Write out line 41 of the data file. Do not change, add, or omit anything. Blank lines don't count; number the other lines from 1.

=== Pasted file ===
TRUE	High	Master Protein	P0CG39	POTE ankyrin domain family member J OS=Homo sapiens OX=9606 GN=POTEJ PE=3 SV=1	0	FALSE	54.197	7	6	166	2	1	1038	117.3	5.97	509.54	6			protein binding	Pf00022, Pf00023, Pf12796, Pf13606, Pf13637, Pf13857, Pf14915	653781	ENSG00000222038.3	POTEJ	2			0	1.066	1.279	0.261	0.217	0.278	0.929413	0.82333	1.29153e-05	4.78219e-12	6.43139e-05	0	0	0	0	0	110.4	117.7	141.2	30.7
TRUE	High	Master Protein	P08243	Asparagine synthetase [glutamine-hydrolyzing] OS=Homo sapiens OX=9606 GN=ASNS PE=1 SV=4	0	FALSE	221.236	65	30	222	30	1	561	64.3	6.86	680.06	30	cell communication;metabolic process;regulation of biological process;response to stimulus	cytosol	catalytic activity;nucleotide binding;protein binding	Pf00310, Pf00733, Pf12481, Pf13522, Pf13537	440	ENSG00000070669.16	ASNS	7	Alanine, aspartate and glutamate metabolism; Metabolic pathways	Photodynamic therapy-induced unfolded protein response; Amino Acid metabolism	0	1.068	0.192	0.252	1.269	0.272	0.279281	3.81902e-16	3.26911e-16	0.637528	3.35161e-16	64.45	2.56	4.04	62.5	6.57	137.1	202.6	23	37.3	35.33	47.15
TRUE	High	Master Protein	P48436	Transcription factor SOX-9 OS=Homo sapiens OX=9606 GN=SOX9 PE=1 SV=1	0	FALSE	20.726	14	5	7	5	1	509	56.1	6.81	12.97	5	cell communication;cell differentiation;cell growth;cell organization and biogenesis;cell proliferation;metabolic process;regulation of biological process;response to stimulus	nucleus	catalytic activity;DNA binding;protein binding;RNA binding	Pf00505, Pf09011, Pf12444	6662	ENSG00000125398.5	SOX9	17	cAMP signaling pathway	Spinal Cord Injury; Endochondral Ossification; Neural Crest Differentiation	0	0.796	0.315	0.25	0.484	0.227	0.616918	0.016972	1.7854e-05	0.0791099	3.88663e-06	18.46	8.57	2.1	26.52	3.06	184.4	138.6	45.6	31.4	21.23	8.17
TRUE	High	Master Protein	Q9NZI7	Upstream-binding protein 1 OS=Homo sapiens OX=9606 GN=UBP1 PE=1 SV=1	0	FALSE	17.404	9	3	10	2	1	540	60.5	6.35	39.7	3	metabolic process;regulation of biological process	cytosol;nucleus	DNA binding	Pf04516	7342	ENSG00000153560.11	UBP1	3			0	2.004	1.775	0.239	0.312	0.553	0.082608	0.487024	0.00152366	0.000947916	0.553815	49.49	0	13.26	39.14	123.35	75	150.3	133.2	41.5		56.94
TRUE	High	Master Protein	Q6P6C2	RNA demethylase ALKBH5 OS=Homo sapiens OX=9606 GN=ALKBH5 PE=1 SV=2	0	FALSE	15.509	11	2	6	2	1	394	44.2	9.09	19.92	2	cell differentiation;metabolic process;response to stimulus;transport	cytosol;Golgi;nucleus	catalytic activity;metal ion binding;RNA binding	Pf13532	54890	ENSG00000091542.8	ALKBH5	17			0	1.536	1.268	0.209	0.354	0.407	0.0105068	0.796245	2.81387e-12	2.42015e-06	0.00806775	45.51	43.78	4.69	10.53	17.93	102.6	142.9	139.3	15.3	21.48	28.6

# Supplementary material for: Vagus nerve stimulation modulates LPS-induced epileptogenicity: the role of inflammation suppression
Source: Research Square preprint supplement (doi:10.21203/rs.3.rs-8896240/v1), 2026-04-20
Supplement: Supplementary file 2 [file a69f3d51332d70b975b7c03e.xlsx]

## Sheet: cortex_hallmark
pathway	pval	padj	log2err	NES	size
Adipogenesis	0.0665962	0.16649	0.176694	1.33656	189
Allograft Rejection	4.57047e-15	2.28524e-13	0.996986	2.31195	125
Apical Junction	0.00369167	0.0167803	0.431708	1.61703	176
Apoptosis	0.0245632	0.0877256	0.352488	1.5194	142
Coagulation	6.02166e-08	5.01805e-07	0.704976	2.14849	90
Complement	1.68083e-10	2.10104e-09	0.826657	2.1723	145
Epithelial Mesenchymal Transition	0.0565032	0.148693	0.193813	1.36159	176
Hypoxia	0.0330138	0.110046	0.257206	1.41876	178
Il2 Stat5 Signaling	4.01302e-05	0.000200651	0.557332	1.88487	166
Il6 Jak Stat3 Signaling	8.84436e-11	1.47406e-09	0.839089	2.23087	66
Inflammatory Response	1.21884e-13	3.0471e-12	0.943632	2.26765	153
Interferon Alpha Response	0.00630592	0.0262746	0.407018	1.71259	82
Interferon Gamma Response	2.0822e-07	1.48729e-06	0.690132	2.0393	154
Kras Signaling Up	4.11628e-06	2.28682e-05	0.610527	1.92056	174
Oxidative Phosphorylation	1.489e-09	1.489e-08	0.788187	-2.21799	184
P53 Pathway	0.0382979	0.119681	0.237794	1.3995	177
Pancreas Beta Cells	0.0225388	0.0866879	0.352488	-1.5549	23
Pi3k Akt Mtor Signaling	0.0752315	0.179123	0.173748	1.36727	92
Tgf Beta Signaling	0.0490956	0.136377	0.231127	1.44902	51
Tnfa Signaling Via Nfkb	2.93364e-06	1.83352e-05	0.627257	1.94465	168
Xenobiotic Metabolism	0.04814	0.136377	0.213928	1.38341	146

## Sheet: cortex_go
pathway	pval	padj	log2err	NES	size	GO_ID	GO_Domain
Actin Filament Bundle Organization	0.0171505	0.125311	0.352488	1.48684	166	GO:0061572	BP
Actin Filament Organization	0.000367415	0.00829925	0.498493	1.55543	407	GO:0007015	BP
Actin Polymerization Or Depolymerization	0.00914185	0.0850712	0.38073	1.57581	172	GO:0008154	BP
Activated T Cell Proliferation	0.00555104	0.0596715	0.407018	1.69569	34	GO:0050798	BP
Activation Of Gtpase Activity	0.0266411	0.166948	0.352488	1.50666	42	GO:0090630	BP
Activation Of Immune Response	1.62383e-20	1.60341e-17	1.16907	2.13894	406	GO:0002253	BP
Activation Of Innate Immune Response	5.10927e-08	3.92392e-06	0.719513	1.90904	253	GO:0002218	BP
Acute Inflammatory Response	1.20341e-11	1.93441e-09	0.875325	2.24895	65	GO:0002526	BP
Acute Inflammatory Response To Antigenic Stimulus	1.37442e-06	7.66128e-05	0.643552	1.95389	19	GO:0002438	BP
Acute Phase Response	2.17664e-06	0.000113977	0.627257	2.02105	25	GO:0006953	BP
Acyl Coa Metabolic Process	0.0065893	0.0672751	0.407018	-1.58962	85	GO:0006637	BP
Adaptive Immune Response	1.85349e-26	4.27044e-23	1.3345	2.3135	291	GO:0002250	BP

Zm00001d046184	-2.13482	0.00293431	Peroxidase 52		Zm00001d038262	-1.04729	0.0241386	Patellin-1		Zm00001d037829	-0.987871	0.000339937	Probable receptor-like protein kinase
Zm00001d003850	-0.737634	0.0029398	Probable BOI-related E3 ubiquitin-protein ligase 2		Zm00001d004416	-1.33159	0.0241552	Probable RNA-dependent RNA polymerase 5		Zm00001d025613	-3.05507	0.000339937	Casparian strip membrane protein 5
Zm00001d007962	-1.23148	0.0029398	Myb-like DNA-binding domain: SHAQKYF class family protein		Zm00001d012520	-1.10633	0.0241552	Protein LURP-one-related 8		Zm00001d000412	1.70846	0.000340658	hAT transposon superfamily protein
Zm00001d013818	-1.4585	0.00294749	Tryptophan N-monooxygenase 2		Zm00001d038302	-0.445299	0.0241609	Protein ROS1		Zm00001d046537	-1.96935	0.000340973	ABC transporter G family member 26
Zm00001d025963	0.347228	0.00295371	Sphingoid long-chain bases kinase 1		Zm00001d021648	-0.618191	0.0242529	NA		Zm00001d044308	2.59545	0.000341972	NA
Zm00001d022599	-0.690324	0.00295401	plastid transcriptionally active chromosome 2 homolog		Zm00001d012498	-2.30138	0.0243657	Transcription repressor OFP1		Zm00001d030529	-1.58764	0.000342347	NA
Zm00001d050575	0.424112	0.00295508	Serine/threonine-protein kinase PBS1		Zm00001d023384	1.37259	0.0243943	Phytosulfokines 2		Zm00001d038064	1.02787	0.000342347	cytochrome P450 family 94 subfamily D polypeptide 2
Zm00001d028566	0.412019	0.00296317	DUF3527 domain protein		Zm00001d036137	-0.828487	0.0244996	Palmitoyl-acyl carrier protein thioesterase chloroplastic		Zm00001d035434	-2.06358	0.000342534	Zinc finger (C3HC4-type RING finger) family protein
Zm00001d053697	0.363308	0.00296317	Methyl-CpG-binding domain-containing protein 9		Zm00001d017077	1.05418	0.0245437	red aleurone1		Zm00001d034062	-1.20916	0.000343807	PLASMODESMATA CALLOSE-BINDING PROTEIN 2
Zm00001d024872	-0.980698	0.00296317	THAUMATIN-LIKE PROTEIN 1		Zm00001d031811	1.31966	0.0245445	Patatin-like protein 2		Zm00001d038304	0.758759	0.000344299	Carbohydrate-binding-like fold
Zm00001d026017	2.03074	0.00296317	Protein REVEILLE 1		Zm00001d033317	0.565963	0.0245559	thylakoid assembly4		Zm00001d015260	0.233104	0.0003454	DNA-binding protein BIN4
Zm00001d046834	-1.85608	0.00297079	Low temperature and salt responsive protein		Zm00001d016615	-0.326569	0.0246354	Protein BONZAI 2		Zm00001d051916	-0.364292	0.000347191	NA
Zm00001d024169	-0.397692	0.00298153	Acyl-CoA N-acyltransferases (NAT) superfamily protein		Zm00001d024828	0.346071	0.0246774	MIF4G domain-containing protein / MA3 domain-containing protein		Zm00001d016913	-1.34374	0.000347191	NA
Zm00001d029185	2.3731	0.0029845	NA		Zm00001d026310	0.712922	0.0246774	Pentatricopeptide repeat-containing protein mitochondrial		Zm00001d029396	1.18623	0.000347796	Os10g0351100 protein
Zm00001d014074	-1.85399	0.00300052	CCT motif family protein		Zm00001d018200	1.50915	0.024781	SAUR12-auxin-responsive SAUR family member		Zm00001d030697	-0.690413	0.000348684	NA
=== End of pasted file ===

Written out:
Acute Inflammatory Response	1.20341e-11	1.93441e-09	0.875325	2.24895	65	GO:0002526	BP